So much for Acme and Jim. What about Apple and those of us who use iPhones? It is tempting to distinguish Jim's physical lock from my iPhone by pointing to the fact that Apple's backdoor key is likely to be software that is easily duplicated. And there is something to that distinction. We might imagine that Acme uses some large machine to create duplicate keys, so it's difficult for a rogue employee to smuggle the machine out; by contrast, a rogue at Apple could simply copy the relevant software to a thumb drive or the like. But that's also true of lots of other sensitive data and programs. The fact that the iPhone backdoor key is software (let's assume) makes it more vulnerable to escape or theft than is Acme's hypothetical large machine, but that fact doesn't make the backdoor key more vulnerable than other collections of ones and zeroes.

One might also worry that each time Apple shares a backdoor key with the FBI, it creates more opportunities for breaches, because more people have access. That's true, but we can think of ways around that problem. One solution would be for Apple not to give the key to the FBI but to maintain control over it and provide the FBI only with the recovered data from the iPhone. To be sure, that would create admissibility issues for the evidence taken from the iPhone, but in many instances the government will not be interested in introducing evidence taken directly from the iPhone; instead it will be interested in using that information to develop leads.

Accordingly, I reach the tentative conclusion that the direct risks to the security and privacy of iPhones from the development and use for US law enforcement of a backdoor are substantial but not necessarily more substantial than the other sorts of security and privacy risks that companies like Apple try to manage.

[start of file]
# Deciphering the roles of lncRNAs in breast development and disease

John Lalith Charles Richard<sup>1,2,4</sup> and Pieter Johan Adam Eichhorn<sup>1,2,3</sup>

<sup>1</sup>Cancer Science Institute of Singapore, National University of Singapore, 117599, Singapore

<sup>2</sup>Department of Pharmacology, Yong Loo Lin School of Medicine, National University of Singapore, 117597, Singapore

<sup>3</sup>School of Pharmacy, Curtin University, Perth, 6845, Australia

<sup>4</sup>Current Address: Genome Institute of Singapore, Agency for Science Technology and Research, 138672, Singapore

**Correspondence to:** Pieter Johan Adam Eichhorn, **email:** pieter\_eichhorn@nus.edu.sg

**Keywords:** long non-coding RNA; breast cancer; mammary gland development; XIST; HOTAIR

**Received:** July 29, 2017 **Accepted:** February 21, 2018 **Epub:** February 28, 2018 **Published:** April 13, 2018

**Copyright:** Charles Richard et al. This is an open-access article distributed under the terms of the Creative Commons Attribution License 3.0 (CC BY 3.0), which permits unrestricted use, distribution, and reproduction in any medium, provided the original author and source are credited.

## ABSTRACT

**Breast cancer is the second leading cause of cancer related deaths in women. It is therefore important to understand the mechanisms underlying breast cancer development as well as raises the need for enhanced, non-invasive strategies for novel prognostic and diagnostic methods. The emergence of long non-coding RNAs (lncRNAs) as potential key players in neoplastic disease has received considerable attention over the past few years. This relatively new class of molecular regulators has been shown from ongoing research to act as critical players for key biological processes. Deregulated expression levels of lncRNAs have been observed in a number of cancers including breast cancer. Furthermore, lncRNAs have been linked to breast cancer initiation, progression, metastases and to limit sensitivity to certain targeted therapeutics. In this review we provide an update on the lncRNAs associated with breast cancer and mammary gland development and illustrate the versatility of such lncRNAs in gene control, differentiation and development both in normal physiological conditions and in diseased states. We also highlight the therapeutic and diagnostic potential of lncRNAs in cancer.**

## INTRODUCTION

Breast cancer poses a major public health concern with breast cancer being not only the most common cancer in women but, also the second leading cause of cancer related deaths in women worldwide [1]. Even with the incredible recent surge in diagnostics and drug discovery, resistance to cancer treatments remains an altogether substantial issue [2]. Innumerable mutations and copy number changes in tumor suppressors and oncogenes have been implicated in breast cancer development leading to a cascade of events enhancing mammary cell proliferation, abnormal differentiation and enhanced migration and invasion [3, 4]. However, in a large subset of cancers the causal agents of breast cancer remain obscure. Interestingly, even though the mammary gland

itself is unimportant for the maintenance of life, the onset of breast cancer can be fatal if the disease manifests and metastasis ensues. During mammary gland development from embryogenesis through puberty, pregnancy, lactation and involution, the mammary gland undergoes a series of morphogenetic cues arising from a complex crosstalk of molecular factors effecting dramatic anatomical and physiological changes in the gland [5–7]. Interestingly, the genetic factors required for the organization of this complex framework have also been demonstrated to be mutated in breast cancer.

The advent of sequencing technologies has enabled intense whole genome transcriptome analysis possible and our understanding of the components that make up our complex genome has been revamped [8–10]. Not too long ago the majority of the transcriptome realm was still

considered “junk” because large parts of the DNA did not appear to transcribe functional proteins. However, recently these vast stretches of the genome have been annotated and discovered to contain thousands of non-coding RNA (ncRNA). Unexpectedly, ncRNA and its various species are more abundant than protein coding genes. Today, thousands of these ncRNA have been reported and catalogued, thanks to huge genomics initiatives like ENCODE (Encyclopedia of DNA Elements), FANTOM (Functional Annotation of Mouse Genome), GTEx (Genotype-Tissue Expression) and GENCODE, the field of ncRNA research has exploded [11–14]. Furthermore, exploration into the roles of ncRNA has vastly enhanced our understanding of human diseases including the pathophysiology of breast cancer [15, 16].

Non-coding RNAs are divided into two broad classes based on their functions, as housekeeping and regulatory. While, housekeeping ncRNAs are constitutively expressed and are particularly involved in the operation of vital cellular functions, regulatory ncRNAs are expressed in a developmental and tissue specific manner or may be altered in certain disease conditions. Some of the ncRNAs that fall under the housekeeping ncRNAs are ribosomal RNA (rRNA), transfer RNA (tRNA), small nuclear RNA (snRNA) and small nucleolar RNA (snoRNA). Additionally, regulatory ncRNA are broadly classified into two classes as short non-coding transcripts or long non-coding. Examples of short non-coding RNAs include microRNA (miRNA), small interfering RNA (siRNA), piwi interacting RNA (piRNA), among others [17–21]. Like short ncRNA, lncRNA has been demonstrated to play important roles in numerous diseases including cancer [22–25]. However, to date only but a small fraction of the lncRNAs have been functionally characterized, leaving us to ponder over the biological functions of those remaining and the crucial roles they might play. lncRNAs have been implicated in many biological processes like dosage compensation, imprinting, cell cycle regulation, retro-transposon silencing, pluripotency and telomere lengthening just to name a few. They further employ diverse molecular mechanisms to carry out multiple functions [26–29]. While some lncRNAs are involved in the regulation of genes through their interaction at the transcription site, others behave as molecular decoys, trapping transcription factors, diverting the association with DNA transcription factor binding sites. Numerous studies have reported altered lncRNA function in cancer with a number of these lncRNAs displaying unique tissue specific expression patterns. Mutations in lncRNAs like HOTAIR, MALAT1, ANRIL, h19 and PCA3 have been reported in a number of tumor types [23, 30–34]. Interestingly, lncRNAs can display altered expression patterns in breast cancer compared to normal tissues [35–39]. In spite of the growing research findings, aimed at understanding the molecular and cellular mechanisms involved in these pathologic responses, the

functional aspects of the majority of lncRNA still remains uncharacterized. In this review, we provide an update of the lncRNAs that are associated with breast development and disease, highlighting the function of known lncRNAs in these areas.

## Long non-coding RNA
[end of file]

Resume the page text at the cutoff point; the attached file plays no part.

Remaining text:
Nonetheless, Apple has good reason to worry about cooperating with the US government, because Apple does business in other countries as well. Although a court order that complies with the Fourth Amendment might be sufficient to satisfy privacy concerns implicated by Apple's creation of a backdoor key for an iPhone in the US, in other countries in which Apple does business, the authorities will be able to legally compel Apple to create a backdoor key without respecting privacy. That risk is especially acute in authoritarian countries like China (where the information sought may be used to uncover political activism rather than crime), but it is also a problem even in constitutional democracies with less robust search-and-seizure protections than the US. Apple might not want to cooperate with even a lawful order of a privacy-sensitive US court for fear that doing so will open it up to having to comply with orders from less privacy-sensitive jurisdictions in other parts of the world.

If that's the worry, however, I don't see how Apple can possibly win this battle. Apple doesn't have a choice whether to comply with a US court order, and likewise it doesn't have a choice whether to comply with orders in other countries in which it does business. We still live in a world of geographic sovereigns. If China or any other country tells Apple that the cost of doing business in country is compliance with local law, then regardless of how privacy-invasive or otherwise oppressive that local law is, Apple will just have to make a decision whether it is willing to pay that price. For the most part, the answer given by US tech companies--even Google with its onetime "Don't be evil" motto--will be to capitulate to bad laws in order to make a buck.